The thing about influential inventors and innovators is that we tend to only look at their successes. We ignore their failures completely. And everyone who ever invented anything has failed a lot more than they’ve succeeded. Nintendo, for all their influence, has made a lot of controller shit. You would be amazed how many people think their greatest work is the Gamecube controller. While a comfortable controller, it contains a LOT of obvious blights. None are worse than that Z button. Almost certainly crammed onto the Gamecube controller purely as an afterthought, the Z button sits tucked near the R button as nothing more than an auxiliary menu button. It feels like a weird outcropping on the controller rather than a real button, and to press it feels like making it click.

6 – Left Analog Stick, All Directions

All Xbox Controllers

It’s a universally accepted fact that the original Xbox controller was just a really bad idea, but even with the compact model that quickly became Microsoft’s norm, people tend to ignore the unnatural thumb alignments. The now-standard Xbox controller is basically a knockoff of the Playstation’s Dual Shock, which would be just fine if not for the unusual placement of the left analog: It sits above the d-pad rather than below it, while the right analog is distal to the d-pad. This setup takes a little bit of practice before your thumbs manage to adjust to it, and even when they do, it never seems to develop into anything natural. Now, this isn’t so bad in a lot of games because the double analog setup usually doesn’t mean very much – the sticks are used to perform two different functions. But if you’re into fighters or first-person shooters, THEN it gets to be an annoyance. The problem is more muted in fighting games because you only need a single d-pad to play them, and the proper d-pad is often an option, but nothing feels right about quarter-circle or double-tap motions with the analog so far away from the grip. In first-person shooters, it gets pervasive because you need both sticks for basic controls, and nothing about the movement/viewpoint setup feels right.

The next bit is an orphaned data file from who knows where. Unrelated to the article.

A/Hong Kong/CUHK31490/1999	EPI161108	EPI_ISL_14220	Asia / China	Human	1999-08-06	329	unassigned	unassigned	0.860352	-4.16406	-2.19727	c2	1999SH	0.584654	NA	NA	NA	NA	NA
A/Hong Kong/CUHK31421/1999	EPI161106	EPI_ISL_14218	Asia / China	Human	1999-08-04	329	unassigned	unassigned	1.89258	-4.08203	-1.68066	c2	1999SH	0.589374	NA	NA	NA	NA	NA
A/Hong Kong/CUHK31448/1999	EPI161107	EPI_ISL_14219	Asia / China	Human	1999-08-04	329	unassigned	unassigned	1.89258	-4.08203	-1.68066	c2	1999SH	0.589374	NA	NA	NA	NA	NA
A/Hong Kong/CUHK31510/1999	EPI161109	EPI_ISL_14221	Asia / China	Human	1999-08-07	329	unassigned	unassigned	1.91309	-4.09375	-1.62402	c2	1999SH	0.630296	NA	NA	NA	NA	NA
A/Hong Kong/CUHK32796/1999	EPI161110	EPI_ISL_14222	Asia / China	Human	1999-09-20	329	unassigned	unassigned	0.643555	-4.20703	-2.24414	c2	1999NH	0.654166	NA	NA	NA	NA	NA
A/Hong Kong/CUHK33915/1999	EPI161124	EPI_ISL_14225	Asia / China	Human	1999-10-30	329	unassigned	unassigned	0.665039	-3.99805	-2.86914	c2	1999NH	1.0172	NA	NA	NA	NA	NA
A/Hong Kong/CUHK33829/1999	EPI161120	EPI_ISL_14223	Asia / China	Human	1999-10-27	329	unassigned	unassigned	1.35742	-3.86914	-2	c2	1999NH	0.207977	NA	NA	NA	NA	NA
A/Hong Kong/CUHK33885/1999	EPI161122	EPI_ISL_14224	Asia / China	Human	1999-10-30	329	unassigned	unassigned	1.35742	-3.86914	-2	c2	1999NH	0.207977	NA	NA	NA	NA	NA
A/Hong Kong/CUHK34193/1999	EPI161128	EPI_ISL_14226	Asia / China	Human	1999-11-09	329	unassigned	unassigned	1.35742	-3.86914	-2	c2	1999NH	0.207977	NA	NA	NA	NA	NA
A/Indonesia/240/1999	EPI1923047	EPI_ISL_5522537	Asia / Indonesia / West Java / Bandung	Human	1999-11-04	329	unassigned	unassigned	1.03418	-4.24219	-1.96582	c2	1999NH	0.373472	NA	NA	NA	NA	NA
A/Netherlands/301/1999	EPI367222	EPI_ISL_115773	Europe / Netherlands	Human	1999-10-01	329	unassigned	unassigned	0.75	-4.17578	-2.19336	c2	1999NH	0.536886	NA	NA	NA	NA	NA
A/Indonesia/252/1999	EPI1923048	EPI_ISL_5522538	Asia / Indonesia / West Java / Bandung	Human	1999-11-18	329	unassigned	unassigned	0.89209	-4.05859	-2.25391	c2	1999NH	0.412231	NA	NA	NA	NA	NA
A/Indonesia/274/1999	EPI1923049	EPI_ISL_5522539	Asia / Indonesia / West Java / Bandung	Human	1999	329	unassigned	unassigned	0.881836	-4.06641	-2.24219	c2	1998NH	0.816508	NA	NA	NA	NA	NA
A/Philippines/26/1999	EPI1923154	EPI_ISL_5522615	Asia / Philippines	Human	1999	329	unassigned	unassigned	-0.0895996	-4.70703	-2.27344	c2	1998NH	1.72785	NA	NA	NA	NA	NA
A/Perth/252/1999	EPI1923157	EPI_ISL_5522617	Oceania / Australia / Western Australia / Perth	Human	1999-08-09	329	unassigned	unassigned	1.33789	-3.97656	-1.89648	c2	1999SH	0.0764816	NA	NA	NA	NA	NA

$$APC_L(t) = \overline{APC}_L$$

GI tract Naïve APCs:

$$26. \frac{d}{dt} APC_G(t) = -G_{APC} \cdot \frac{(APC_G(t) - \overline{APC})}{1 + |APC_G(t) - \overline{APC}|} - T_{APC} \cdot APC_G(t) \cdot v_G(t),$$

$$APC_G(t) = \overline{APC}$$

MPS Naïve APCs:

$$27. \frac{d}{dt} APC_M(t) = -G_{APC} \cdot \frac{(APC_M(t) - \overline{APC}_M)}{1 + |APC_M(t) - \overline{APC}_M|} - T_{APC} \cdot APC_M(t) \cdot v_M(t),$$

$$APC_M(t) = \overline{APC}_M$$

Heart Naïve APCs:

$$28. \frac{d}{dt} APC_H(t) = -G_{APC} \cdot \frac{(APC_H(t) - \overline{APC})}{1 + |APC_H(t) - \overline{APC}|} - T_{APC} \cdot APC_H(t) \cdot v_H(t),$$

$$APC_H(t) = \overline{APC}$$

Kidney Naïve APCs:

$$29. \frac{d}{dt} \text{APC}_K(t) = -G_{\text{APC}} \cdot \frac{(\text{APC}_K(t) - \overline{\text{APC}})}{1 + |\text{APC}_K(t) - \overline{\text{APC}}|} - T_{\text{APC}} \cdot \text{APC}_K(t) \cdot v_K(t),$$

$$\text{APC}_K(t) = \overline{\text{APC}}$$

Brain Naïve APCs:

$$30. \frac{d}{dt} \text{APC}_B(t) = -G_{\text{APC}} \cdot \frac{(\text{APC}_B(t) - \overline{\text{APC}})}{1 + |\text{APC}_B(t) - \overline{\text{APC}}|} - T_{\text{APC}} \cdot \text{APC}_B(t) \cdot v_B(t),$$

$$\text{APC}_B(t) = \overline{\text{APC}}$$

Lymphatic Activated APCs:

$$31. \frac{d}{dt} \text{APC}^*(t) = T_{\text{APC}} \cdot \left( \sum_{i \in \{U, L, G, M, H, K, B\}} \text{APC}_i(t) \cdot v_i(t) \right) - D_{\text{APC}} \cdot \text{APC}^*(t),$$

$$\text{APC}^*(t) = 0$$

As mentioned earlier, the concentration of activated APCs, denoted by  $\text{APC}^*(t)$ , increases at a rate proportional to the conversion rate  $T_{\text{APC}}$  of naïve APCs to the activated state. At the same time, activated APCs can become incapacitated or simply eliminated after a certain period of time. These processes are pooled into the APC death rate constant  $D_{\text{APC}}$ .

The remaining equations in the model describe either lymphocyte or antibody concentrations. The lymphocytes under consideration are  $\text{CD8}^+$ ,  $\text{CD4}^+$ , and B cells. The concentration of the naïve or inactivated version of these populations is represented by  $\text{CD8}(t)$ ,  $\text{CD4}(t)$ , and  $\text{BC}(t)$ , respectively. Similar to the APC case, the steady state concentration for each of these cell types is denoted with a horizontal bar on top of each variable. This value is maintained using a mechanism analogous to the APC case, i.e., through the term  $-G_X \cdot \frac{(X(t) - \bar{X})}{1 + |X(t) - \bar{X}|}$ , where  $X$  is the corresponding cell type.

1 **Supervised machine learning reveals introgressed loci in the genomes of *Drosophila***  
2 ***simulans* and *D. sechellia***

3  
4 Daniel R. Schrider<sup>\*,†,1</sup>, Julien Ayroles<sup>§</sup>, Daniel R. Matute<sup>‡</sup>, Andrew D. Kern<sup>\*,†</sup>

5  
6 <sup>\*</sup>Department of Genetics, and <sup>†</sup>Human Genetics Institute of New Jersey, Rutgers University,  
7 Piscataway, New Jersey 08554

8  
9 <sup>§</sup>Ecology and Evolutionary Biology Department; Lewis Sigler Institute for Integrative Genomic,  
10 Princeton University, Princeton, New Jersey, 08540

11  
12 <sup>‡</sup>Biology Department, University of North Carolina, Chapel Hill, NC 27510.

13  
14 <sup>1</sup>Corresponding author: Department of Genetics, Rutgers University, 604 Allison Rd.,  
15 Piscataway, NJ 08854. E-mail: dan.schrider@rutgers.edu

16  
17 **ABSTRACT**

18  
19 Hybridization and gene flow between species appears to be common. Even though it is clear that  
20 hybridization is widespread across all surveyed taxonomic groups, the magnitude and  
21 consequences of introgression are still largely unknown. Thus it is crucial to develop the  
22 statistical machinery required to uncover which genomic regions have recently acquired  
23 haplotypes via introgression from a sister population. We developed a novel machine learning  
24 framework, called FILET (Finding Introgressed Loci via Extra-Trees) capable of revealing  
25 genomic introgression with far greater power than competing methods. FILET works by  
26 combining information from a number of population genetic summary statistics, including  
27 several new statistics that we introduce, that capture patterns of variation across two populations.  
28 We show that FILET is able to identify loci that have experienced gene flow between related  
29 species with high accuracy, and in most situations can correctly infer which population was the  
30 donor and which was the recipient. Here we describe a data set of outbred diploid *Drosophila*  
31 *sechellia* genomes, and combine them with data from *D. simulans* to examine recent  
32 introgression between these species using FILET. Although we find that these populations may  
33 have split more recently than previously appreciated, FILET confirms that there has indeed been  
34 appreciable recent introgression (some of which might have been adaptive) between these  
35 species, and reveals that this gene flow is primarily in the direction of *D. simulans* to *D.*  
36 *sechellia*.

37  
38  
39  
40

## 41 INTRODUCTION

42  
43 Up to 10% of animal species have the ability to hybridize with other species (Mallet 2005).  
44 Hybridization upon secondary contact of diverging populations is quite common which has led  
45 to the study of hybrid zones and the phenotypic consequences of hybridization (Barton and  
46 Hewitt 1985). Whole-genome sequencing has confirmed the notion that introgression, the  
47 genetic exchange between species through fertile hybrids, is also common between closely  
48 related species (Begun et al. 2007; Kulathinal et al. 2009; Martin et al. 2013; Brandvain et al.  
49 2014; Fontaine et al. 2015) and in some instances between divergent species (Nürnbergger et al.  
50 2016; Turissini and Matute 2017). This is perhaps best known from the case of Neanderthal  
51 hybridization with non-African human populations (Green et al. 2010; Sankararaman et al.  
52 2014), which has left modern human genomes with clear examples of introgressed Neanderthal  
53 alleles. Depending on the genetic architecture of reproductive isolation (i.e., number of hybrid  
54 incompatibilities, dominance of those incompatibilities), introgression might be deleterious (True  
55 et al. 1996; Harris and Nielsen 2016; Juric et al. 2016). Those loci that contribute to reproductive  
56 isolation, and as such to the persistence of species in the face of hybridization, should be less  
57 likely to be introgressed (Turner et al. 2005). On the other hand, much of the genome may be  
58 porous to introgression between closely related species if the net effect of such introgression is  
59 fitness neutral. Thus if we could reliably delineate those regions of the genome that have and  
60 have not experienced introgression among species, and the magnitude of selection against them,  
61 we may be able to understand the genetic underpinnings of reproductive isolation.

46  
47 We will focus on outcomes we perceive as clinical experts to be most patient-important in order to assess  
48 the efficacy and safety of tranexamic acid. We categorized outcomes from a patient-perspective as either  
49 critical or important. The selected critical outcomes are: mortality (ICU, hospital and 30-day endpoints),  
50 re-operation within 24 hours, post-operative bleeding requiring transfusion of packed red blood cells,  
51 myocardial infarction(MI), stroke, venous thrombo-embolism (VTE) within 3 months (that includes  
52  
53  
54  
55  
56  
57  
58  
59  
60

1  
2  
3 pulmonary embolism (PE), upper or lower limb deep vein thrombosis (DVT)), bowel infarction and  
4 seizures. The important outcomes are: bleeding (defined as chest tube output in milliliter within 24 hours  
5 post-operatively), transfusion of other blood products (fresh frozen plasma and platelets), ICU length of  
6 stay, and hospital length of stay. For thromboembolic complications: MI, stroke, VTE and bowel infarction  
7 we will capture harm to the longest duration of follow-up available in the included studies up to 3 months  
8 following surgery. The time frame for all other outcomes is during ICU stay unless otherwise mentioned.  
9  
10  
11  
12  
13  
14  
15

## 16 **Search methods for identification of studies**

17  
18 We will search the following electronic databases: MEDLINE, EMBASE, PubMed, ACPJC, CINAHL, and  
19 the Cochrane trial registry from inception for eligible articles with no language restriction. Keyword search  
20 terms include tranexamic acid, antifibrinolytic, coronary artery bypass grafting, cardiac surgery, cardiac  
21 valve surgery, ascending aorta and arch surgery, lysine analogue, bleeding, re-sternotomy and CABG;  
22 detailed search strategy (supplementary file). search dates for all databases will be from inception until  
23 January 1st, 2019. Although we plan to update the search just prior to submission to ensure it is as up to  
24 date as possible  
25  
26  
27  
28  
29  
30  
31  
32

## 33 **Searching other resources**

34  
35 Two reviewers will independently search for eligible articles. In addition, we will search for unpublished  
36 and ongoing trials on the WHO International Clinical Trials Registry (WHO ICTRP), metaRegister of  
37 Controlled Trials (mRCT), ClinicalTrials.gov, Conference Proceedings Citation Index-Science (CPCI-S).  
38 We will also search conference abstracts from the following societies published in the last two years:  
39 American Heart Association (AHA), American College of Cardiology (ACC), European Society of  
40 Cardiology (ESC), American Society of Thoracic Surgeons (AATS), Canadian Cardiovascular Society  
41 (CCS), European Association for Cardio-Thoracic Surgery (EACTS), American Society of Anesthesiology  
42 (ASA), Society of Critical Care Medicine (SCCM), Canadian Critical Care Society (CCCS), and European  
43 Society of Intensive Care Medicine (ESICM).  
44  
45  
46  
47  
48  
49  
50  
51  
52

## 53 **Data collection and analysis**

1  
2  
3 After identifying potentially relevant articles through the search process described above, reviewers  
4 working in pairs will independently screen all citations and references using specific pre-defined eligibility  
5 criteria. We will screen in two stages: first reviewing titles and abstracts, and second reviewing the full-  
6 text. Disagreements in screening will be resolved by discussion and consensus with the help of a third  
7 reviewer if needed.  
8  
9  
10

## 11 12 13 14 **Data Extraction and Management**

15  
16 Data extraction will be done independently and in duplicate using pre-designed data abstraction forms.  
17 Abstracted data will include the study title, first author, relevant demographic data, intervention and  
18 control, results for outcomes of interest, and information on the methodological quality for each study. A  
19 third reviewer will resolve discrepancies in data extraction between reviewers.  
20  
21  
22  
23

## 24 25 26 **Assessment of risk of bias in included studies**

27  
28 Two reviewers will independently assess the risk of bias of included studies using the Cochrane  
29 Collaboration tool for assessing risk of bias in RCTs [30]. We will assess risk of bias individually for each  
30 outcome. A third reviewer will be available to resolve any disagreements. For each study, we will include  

5 – Buttons L and R

Saturn Controller

Sega had led a wave of innovation with the Genesis and the Dreamcast, but it seems like they were playing catch-up during every phase in between. After gaming evolution wrecked the original Genesis controller (as well as the ability to play fighting games on the Genesis), Sega knew it couldn’t go on with anything less than six buttons… Which it included on the Saturn controller as buttons A, B, C, X, Y, and Z. You might notice that this means the Saturn controller HAD six buttons WITHOUT adding L and R! So in its attempt to keep up with the Joneses – the Joneses in this case being Sony and Nintendo, both of whom adopted shoulder buttons – it added a couple of plastic shells to the Saturn controller which it placed on top and referred to as “buttons.” They were there as replacements for the Mode button on the Mega Drive, which is video-game-ese for, “they didn’t do jack shit.” Basically, Sega put a pair of keep-up buttons on a controller strictly for decoration.

4 – D-pad, All Directions

Gamecube Controller

It would be pretty easy for me to make this argument by just copying and pasting my entry for the Nintendo 64 controller up there. But, to reiterate, the damn thing is useless. And the Gamecube controller comes with the added bonus of being far too small for it to be comfortable to use. The thing is about the size of the Game Boy Advance d-pad; not something that one would expect a real, adult-sized hand to fight with on a big boy video game controller.

3 – Buttons L3 and R3

Playstation and Xbox Controllers

No one thinks of these buttons, and there’s a good reason why: They tend to be obscured by being hidden inside the analog sticks. You press them by pressing down on the sticks; I don’t mean hitting the directional stick in the down direction, I mean it in the sense of applying pressure to the stick. Imagine trying to crush it between your thumb and your hand. This is one of those “break glass in case of emergency buttons,” to be used in case there’s no other place to put a weird, offhand function. Useful functions placed inside the sticks feel like they’re being forced there, so designers compensate by trying to hide optional, offhand junk functions into them. The sirens in the Grand Theft Auto games were put into the L3 and R3 buttons. There’s a reason why these buttons do such weird things: They’re impractical and they don’t press easily. Even the engineers at Sony and Microsoft think they’re jokes; there are gamers who have owned those consoles for years without ever figuring out these buttons even exist.

2 – C-stick, All Directions

Gamecube Controller